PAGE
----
Making decisions about whether your teenager is ready to take on adult responsibilities isn’t easy. Unfortunately, judges and lawmakers are often as perplexed as you are about when to treat teenagers like adults and when to treat them like children. This is especially true when it comes to driving. As the parent of a teenager, it’s critical that you take time to understand how laws governing teen driving and parent liability can affect you.

Drivers License -Teen driver

Photo by State Farm

If you’re a Nevada resident, you are legally responsible for any “negligence or willful act of misconduct” your teenager commits while operating a motor vehicle, as long as they’re under the age of 18. This means that if your teenager gets into a car accident and it’s their fault, you and your auto insurance company can be held liable for any and all damages that result.

Nevada is one of a small handful of states that uses driver’s license applications as a basis for imputing liability to parents when minors are involved in collisions. When you sign your teenager’s application for a learner’s permit or driver’s license, you assume responsibility for their behavior on the road.

States that impute liability to parents, but don’t consider driver’s license applications, rely on one of the following two approaches to determine who’s responsible for negligence on the part of a minor driver.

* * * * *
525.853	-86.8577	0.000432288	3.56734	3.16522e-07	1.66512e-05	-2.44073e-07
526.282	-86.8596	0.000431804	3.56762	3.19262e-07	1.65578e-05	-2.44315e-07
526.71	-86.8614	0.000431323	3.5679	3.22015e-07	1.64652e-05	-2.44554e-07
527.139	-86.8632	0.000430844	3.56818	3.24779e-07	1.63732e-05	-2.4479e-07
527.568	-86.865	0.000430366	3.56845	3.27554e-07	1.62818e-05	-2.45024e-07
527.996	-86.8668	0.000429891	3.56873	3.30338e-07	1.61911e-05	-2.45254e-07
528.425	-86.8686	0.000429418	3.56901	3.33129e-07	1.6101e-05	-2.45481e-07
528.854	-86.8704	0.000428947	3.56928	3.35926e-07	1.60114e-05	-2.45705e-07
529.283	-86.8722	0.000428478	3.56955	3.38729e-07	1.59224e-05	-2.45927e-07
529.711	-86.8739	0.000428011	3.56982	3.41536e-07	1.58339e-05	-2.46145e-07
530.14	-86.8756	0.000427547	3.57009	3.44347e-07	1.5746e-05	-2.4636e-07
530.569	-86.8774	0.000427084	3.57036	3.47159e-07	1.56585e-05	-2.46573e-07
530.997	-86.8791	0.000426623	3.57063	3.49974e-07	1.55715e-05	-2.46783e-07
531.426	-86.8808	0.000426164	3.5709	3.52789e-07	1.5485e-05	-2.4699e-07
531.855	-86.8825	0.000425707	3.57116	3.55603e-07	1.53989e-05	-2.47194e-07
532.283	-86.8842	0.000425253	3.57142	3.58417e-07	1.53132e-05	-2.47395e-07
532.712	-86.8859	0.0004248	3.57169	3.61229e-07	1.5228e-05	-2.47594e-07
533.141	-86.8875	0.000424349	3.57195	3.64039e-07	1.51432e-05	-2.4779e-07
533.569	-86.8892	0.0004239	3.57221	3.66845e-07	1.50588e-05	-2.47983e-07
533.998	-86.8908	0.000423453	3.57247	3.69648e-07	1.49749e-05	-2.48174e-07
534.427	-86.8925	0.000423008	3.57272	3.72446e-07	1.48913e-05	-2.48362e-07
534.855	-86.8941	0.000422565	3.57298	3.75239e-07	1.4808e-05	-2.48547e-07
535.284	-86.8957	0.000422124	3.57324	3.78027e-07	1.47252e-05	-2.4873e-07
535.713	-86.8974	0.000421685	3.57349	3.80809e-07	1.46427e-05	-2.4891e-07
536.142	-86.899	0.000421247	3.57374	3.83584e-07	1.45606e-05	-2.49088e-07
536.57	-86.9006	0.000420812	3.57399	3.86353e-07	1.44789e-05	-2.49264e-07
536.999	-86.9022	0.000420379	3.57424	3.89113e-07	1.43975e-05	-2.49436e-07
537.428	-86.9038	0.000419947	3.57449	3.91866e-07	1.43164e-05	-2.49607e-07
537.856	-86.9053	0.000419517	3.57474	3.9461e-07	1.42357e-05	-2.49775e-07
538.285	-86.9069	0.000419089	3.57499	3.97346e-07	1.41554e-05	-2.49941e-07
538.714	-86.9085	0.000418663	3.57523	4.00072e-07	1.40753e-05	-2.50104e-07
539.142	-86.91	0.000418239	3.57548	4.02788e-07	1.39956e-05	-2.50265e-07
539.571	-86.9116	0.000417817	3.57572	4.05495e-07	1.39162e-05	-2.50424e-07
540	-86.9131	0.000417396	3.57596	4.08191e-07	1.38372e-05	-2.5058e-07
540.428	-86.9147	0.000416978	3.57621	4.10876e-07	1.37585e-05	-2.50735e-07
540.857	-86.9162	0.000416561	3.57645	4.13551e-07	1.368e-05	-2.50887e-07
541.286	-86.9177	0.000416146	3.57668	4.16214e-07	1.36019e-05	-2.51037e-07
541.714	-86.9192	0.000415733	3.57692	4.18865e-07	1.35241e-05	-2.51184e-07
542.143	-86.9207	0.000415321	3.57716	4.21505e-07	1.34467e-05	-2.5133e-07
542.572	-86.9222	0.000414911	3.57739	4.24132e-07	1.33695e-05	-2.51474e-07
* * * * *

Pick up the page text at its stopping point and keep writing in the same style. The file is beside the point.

Negligent Entrustment

According to this legal theory, a parent who lends their car to a minor, knowing the child is incompetent, reckless, or inexperienced, may be held liable for any damages that occur as result of the minor’s negligence.

Negligent entrustment is also used to hold car owners responsible for lending their vehicles to any individuals, including adults, they know have a history of reckless driving, are currently intoxicated or are likely to become intoxicated while driving their car. According to his section of the theory, a parent who caught her son drag racing a week ago or knows her daughter’s going to a party involving alcohol would be liable for damages if she allowed her car to be used and an accident occurred.

Family Purpose Doctrine

In some states, the family purpose doctrine is used to hold a parent financially liable for accidents that take place while their teenager is using a family car. According to the family purpose doctrine, someone who purchases and maintains a car for general family use assumes responsibility for negligent driving on the part of any family member using the car.

Parents and teenagers tend to regard the issuance of a new driver’s license as a major milestone in a teen’s path to adulthood and self-sufficiency. Talking with your teenager about the responsibilities and risks you assume when they drive is a good way to clarify to your teen that, until they’re 18, the two of you will need to work together to make positive, safe decisions about driving

If your teen has been involved in an auto accident, it’s important that you consult with a knowledgeable attorney. The legal issues affecting teenage drivers and their parents are complex and changing rapidly. Don’t try to navigate them without expert help.

Featured image by rhonda_jenkins

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